The movement of the solution in compartment 4 limits clogging on the surface of filter 5. Cleaning can be effected using any suitable means.
During the second step (discontinuous dissolution of plutonium oxide):
Firstly, the supply of powder P and acid A is stopped.
A charge of AgNO3 is introduced into circulation compartment 2 and electrolyzer 6 is activated.
The dissolution solution circulates as in the first step.
AgII ions are continuously generated in anode compartment 62 of electrolyzer 6. They then circulate in the apparatus where the plutonium of the PuO2 is oxidized to dissolve it rapidly in the nitric acid.
During this oxidizing dissolution step for the PuO2, the double-walled jacket 9 of conduit 8 is supplied with cooling fluid to remove the heat evolved during electrolysis.
During this step, the acidity of the dissolution solution gradually reduces. The apparatus and the operating conditions are set so that the acidity of the dissolution solution is maintained in the range 4 N to 6 N during the entire second step.
Similarly, the acidity of the solution contained in cathode chamber 61 gradually reduces. In order to keep this acidity above 8N, concentrated nitric acid from the buffer tank described above (and not shown) is introduced into cathode chamber 61.
Circulation of acid in cathode chamber 61 encourages the removal of heat evolved during electrolysis by means of a cooling heat exchanger installed in the circulation tank.
The atmosphere of the apparatus is connected to a gas treatment and ventilation unit by a vent connected to the top of the chamber for receiving powder 1.
The extracted gases 11 are filtered upstream of the vent by filter 10 to trap any entrained powder.
Finally, the invention will be illustrated by the following example.
The dissolution process was used to dissolve a powder P containing, as a mixture:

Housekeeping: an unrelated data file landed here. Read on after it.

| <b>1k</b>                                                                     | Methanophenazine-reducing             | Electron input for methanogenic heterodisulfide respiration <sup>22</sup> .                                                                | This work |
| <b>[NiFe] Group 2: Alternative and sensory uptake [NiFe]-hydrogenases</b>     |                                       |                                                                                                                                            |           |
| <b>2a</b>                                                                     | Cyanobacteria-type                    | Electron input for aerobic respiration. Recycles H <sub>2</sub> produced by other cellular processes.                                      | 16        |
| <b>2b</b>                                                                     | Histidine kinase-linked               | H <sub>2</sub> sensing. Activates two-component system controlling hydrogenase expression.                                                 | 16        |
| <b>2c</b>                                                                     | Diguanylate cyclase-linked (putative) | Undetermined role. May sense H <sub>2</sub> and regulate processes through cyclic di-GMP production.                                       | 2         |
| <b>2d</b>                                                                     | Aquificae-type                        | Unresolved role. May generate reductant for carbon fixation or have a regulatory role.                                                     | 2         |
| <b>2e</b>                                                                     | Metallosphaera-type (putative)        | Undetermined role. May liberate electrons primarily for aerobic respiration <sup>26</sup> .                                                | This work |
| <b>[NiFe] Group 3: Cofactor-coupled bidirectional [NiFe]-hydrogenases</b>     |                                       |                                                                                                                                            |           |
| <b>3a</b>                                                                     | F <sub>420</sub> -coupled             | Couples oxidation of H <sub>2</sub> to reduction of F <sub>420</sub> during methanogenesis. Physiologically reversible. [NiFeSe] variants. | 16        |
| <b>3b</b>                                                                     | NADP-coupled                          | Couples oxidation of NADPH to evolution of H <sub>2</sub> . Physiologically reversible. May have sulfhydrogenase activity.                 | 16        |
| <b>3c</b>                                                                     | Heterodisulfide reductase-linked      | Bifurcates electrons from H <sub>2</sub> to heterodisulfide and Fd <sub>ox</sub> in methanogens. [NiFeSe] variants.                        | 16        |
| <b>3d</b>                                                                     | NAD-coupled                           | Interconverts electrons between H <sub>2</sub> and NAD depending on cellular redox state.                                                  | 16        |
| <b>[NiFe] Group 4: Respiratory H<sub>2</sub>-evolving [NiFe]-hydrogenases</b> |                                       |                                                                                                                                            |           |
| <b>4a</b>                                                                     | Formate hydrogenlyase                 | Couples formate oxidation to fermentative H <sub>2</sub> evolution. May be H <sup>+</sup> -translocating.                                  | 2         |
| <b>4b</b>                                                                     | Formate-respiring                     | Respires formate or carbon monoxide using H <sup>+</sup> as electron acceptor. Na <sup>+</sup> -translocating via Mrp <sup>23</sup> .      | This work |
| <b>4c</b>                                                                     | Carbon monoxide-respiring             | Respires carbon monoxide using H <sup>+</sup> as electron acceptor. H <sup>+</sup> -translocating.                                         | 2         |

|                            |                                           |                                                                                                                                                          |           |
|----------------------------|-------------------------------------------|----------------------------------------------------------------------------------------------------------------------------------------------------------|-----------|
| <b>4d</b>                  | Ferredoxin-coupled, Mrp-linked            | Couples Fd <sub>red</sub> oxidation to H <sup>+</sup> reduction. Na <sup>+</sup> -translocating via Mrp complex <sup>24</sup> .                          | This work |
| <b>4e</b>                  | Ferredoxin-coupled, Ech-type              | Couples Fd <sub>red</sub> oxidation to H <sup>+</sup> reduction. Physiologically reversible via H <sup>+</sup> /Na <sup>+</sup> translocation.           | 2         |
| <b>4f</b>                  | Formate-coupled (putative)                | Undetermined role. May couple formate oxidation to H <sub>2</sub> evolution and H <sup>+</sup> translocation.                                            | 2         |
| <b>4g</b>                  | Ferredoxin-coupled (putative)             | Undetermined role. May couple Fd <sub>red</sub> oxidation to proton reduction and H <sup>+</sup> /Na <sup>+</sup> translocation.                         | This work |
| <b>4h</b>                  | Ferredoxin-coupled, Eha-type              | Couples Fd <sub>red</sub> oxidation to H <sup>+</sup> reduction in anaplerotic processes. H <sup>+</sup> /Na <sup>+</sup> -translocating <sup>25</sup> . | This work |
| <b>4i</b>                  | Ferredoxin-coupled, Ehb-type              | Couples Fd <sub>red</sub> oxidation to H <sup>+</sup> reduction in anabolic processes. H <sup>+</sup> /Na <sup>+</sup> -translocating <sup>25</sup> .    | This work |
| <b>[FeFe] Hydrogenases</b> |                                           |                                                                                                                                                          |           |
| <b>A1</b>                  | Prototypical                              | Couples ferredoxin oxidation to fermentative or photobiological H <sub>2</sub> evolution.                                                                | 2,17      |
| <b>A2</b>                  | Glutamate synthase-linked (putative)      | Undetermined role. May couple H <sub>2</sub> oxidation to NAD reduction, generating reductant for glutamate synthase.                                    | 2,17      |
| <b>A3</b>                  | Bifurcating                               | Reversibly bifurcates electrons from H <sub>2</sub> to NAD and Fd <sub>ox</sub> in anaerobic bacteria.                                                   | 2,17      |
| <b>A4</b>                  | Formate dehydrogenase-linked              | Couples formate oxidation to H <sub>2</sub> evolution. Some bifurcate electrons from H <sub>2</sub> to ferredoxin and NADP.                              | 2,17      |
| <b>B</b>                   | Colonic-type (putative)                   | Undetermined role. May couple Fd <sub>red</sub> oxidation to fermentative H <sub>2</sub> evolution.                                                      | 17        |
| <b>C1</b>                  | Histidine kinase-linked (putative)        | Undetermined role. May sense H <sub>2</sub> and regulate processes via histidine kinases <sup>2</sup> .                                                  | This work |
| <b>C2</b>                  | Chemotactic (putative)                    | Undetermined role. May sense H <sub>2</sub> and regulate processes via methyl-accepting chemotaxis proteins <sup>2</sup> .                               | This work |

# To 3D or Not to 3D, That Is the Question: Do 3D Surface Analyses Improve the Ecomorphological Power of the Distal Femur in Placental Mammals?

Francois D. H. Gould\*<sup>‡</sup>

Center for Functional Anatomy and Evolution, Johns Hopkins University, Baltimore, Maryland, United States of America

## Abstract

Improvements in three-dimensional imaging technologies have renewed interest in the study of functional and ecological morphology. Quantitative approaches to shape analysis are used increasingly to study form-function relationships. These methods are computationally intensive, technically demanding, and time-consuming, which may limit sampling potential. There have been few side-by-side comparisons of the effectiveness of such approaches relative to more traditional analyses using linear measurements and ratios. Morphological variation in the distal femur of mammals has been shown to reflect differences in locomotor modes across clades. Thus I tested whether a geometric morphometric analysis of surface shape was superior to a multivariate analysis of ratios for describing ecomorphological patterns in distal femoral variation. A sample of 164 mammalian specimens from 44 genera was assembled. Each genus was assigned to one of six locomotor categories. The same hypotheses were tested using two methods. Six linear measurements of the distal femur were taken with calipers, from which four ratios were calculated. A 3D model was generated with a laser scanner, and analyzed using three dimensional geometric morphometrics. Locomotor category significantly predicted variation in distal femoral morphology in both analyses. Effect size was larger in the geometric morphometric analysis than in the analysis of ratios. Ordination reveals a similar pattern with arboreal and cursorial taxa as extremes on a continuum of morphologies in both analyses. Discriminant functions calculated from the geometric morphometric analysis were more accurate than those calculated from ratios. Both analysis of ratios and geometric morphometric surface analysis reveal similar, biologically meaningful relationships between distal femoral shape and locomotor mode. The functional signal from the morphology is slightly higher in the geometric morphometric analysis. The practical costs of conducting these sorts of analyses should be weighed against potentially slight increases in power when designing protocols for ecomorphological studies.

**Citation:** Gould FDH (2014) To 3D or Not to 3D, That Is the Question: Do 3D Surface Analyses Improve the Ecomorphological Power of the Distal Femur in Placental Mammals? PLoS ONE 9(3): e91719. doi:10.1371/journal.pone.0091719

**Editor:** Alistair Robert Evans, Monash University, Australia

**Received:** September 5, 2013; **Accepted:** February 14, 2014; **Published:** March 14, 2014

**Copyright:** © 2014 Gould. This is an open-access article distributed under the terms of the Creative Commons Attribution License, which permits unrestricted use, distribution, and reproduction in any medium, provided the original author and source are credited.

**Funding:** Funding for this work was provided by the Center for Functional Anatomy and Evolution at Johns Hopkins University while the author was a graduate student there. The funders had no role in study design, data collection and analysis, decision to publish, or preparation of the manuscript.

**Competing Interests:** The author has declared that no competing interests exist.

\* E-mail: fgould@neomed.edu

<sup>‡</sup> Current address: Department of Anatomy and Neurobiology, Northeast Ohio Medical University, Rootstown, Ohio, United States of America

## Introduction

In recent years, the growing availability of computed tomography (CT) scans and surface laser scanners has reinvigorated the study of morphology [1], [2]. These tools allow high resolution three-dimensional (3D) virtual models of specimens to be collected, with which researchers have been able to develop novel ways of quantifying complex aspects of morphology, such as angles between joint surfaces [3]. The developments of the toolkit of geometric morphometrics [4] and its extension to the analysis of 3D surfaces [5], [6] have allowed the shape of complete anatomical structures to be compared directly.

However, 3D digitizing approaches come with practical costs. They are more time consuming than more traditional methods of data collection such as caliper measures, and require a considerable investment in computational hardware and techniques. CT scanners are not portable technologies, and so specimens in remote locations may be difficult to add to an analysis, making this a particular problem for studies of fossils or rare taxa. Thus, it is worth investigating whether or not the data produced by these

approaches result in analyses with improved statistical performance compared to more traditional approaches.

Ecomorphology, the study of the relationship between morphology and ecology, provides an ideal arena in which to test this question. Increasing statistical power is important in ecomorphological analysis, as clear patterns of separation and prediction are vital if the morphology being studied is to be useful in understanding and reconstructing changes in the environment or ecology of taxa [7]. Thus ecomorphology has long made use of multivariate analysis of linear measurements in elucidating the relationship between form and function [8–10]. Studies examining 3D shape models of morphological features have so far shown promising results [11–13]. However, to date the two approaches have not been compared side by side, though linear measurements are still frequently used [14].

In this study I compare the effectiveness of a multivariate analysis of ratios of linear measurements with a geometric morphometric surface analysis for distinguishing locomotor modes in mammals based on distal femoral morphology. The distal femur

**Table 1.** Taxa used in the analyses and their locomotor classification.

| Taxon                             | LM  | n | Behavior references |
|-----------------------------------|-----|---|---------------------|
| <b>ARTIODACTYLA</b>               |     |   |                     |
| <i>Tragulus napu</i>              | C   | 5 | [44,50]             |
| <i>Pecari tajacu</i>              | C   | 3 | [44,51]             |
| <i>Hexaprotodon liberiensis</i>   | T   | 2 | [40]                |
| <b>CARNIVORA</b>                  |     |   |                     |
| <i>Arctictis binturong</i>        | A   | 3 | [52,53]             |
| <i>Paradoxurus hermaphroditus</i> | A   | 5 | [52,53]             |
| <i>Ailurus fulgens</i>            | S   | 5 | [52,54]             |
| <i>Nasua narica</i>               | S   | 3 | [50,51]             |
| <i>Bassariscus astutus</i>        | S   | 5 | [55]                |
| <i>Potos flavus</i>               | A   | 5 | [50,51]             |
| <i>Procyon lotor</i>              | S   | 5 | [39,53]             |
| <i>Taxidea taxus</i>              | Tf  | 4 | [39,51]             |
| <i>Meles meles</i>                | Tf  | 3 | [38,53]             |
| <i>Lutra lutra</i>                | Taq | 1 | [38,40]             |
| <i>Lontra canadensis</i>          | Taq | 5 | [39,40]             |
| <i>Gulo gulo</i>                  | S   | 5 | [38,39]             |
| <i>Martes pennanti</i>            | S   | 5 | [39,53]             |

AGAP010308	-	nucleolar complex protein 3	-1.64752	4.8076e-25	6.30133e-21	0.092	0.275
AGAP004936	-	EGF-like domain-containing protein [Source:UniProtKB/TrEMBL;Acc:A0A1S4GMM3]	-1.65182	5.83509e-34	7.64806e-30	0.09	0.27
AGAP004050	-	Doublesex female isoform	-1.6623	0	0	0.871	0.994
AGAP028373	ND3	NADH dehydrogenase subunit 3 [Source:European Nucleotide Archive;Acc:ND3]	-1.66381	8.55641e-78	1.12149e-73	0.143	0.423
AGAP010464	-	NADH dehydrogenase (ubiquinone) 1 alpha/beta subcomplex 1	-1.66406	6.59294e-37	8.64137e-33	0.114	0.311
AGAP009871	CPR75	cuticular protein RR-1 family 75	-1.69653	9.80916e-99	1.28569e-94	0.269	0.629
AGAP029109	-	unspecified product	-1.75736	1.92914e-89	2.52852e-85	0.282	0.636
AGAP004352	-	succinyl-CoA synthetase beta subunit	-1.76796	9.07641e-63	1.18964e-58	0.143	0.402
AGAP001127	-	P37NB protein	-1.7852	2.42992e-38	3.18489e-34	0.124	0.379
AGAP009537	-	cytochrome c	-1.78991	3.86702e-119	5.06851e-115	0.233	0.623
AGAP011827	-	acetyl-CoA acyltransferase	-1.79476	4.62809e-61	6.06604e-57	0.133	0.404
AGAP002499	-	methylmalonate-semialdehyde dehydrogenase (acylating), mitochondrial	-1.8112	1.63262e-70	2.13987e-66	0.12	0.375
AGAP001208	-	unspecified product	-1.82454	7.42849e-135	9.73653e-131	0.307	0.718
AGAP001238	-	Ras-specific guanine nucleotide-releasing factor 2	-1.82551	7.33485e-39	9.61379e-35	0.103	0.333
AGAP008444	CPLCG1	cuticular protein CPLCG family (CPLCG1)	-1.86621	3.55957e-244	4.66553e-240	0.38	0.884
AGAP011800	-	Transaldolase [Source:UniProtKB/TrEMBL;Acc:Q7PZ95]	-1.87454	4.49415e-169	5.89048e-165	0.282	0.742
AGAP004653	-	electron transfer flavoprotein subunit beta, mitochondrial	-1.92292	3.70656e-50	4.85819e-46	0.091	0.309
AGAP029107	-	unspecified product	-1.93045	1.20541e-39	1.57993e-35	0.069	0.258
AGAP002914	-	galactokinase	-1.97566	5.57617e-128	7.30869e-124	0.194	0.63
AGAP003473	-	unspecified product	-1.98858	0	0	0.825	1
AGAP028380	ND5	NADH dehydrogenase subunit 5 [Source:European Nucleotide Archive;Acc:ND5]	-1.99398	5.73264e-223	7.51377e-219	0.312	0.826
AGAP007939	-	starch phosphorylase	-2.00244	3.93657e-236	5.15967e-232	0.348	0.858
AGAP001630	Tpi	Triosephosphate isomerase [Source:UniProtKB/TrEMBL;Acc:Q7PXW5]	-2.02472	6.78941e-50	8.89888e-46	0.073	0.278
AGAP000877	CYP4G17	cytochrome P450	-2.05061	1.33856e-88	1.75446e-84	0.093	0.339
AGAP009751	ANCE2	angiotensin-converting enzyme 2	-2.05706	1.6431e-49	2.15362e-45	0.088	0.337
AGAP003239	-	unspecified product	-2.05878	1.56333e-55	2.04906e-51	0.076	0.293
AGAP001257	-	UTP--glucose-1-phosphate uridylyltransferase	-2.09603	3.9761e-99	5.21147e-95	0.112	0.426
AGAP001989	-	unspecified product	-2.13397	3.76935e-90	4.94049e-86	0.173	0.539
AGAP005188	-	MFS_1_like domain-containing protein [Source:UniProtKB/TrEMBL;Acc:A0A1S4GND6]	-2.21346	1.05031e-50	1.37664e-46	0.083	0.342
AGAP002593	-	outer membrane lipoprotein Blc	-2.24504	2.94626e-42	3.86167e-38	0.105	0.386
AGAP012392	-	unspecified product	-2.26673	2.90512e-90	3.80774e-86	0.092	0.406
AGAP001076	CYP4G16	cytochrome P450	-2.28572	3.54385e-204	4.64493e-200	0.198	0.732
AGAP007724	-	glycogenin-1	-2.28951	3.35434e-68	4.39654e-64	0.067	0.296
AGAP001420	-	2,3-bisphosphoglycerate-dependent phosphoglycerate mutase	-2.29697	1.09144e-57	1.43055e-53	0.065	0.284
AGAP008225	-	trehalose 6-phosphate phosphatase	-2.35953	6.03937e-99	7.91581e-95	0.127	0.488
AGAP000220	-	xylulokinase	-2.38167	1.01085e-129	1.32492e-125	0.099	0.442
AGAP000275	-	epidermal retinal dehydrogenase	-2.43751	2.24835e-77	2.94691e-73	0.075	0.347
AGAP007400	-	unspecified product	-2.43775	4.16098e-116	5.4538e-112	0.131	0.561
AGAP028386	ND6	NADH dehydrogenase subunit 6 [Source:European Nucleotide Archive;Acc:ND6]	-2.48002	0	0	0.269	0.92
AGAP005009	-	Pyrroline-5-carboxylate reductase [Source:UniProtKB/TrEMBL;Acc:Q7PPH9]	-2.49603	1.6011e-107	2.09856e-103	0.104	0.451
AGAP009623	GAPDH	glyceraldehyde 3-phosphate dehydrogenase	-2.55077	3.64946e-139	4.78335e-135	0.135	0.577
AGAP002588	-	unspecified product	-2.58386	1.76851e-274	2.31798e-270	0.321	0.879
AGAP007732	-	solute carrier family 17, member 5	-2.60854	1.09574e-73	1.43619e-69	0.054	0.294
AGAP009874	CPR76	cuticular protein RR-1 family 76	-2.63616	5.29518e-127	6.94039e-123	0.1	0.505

93% by weight UO2 ;
6% by weight (U, Pu)O2 (mixed oxide soluble in a nitric medium);
1% by weight of insoluble PuO2.
(P=UO2 +(U, Pu)O2 +PuO2).
Powder P was introduced at a rate of 2.5 kg of metal/hour (metal: U, Pu) into a dissolver with a working volume of 65 liters: the dissolver was as shown in FIG. 1.
A solution of 9N nitric acid was already circulating in the dissolver at a temperature of 80° C.
After about 7 hours of operation, equilibrium was reached (HNO3 ˜6N; concentration of metal in the circulating solution: 250 g/l). The UO2 and (U, Pu)O2 had dissolved in the solution.
The acidity was kept constant by addition A of 9N acid at a rate of 10 l/h. Extraction S from compartment 4 was carried out at the same average rate.
After about 130 hours, 3.25 kg of insoluble Pu had accumulated in the dissolver.
The heating, powder supply P, 9 N acid supply, and extraction S were all stopped.
The second step of the dissolution process was then carried out under the following conditions:
cooling was begun;
silver nitrate was introduced into the circulation compartment 2 to obtain a silver concentration of 0.05 mol/l in the solution;
electrolyzer 6 was activated;
cathode chamber 61 initially filled with 13.6N acid was supplied via a circuit (at 400 l/h) from a 50 liter tank (initially filled with 13.6N acid) to maintain the nitric acid acidity in cathode chamber 61 above 8N and to remove the heat evolved during electrolysis.
Complete dissolution was achieved after about 5 hours. Electrolytic dissolution (of the same quantity of Pu) carried out using the prior art process (treating the charge in a single step) would have consumed about 20 times as much silver.
Further, the process of the invention had a treatment capacity which was about 1.5 times greater than that of the prior art process.